Freedom Habit: Discuss

Pray and Study you can do alone, without human contact. This one requires you to extend yourself to others.

It will require a thick skin at times. Whatever your religion, people will think you’re bad at it, if you don’t support the “right” candidate (which might be the “left” one). Some will say things like, “I don’t see how a good Mormon could ever vote for ________.” (Fill in the name of the candidate they’re voting for and you’re not, and change “Mormon” to your religion of choice.)

Even if religion doesn’t enter the picture, party or persuasion will. “No real conservative could vote for ________. Everybody knows the true conservative [a toxic incantation in Utah politics, at least] is _________.” In Utah you can be called out as a socialist or Marxist for failing to support someone’s favorite (right) wing nut. At Cornell I was called a fascist for wondering if capital punishment might be a good thing in some cases, and if abortion might sometimes be a bad thing.

The thing that usually comes closest to setting me off is not the name-calling. It’s the condescending way in which people suggest that, if I had only read the US Constitution once or twice and spent a little time studying the founders, there’s no way I could hold my views — or any others different from theirs. (For the record, I’ve done a lot of that, not just a little.)

Then there was the guy who cornered me in a restroom at a Utah County Republican convention and insisted that he had been a mainstream Republican all his life, and he was still being perfectly mainstream by asking the delegates to approve his resolution calling illegal immigration “Satan’s Plan.” (Satan’s Plan is a useful but frequently misunderstood Mormon theological concept. It is often misappropriated by Mormon teenagers and right-wing Mormon zealots.)

That was the day when I pulled on my burnt-orange shirt (earlier, while still at home) and made plans formally to vote for Satan for the first time. The resolution never came to a vote. A similar one did two years later, and on that occasion I was prepared and managed to give a short speech urging my fellow delegates to vote for Satan, too. (I didn’t use those words.) But I digress. Or do I? Maybe my point is, sometimes Discuss can be a fun Freedom Habit.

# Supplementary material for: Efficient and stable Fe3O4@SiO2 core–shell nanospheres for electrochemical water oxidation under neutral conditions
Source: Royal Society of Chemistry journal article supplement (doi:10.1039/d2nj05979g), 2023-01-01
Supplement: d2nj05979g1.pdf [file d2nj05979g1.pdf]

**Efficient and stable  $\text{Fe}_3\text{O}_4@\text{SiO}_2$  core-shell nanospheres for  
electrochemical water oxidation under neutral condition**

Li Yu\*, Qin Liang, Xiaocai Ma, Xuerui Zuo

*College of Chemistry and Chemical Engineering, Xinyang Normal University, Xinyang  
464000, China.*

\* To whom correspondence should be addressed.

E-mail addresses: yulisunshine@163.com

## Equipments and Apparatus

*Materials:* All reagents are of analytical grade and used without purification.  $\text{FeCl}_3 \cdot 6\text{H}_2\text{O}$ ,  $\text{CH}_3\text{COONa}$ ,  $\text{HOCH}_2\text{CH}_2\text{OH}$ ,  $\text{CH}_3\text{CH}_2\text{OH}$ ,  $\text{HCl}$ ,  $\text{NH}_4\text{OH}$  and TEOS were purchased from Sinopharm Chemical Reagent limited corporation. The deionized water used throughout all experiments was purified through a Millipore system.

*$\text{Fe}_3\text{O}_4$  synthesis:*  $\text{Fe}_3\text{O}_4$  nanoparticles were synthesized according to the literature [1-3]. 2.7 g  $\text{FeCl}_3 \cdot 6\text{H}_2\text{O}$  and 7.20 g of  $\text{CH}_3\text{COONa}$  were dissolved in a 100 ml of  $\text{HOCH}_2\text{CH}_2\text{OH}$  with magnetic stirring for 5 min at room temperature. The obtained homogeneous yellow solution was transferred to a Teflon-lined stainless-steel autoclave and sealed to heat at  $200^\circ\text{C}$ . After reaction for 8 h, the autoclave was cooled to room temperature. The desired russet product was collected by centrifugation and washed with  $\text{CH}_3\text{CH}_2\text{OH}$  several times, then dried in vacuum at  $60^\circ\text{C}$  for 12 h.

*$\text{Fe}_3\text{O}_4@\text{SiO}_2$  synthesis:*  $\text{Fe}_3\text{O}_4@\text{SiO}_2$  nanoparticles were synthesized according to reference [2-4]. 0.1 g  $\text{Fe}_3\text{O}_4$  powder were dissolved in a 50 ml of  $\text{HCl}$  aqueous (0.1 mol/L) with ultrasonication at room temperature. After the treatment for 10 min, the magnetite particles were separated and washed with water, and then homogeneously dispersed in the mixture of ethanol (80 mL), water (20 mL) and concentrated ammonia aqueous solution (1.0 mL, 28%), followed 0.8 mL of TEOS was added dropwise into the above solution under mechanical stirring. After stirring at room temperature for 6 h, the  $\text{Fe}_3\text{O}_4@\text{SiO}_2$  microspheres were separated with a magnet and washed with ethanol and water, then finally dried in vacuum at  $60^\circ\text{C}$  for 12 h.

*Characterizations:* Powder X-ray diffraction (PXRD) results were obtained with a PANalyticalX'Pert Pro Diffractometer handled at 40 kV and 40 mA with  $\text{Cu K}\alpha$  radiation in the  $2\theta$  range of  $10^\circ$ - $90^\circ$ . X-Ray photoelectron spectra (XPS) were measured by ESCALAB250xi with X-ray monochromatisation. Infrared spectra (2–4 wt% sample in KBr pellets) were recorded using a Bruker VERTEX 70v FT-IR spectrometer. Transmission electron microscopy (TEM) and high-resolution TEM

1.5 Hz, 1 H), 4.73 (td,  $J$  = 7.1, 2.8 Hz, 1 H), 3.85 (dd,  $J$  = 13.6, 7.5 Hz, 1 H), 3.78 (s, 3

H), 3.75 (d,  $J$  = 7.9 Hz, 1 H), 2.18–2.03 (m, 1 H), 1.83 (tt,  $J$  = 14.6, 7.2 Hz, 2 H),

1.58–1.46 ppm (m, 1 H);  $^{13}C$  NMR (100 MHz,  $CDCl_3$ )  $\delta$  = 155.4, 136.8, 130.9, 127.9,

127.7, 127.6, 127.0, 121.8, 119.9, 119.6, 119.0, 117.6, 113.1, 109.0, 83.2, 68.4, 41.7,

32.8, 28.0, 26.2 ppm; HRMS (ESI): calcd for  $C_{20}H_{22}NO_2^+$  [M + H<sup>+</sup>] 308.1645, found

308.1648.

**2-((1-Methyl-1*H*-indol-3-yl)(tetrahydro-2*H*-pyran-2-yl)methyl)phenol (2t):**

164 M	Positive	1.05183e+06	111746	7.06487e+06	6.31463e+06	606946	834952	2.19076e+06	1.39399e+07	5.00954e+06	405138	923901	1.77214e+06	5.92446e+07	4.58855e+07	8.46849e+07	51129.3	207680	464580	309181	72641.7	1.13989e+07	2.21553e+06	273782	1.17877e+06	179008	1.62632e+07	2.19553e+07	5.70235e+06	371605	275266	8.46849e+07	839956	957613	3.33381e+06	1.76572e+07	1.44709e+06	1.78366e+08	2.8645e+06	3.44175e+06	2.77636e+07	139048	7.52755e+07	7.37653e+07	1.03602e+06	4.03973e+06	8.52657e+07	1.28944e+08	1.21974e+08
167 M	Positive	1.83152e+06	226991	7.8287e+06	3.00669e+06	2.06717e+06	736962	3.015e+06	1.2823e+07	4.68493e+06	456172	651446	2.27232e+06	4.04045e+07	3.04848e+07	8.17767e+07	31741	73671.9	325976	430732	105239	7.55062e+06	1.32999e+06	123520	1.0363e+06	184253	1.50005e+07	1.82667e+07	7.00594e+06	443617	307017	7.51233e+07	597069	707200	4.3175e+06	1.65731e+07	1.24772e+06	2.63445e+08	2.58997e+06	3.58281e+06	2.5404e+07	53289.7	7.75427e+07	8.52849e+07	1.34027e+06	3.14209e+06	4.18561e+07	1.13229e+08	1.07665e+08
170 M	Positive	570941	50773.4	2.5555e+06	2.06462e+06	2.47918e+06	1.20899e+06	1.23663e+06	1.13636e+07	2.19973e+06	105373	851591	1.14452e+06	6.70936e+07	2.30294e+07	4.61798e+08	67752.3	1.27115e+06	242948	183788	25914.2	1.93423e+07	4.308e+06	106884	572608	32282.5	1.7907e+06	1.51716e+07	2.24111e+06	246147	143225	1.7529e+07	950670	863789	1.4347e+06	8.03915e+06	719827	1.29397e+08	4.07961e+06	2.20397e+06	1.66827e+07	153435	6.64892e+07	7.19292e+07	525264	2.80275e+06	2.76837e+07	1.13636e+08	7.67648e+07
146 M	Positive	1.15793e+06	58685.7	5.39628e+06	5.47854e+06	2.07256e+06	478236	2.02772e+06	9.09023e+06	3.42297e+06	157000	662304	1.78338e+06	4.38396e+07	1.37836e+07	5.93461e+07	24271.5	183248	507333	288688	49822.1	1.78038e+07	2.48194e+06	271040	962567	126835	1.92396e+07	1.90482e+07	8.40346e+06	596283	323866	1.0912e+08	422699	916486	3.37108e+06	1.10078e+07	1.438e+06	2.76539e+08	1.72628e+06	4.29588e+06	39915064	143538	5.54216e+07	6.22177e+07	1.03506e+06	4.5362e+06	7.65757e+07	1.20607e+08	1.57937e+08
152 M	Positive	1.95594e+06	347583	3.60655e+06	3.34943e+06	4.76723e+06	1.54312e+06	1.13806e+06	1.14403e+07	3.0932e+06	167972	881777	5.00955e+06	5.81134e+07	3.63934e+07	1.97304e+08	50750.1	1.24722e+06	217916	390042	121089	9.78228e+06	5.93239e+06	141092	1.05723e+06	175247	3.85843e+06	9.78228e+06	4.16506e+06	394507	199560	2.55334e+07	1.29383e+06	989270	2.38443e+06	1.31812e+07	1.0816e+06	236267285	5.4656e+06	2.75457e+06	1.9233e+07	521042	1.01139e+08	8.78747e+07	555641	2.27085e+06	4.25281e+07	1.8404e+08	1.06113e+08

I’ve been called all sorts of nasty names on the Internet and in print, when trying to articulate my views. On the other hand, I’ve heard a radio talk show host say on the air, “Thank heaven for David Rodeback” — then quote me more or less accurately. Others, less publicly, have called me a “voice of reason,” or in one case “the designated driver at a frat house party.”

My favorite public critique was in an op/ed — responding to my op/ed — in the The Ithaca Journal in 1996, calling my argument “sanctimonious claptrap.” Those who know me don’t find it altogether untrue or improbable. Nor do I. Perhaps that’s why I’ve been laughing at it for 18 years and counting. I’ve thought more than once that it would make a great name for a blog (presumably mine). But I haven’t used it that way yet.

I’m not God’s gift to political discussion, but here are a few suggestions, if you’re thinking of diving in:

  • Listen more than you talk.
  • Generally, it’s best to make one point at a time, concisely, and avoid trying to say everything you’re thinking all at once.
  • You don’t have to jump into discussions on every topic all the time. Now and then, pick a discussion on a topic you care about or want to understand better, and join it.
  • Be civil — and when others are civil with you, thank them, no matter what their views.
  • When people disagree with you, listen. You may learn something. Even if you don’t, remember that friendly disagreement makes for better discussion than universal agreement.
  • “Why do you think that?” is a better question than “How can you think that?”
  • Change your mind, when circumstances warrant. Suspend judgment often.
  • Learn to enjoy how discussion and debate refine your own thoughts and arguments.
  • Some folks think that your disagreeing with them makes you evil. Don’t be one of them.
  • Persist. Then retire briefly to lick your wounds, if necessary. Then persist some more.

If you’re now thinking, “Yeah, David, practice what you preach,” I respond that I try. I don’t always succeed. But I often enjoy the attempt.

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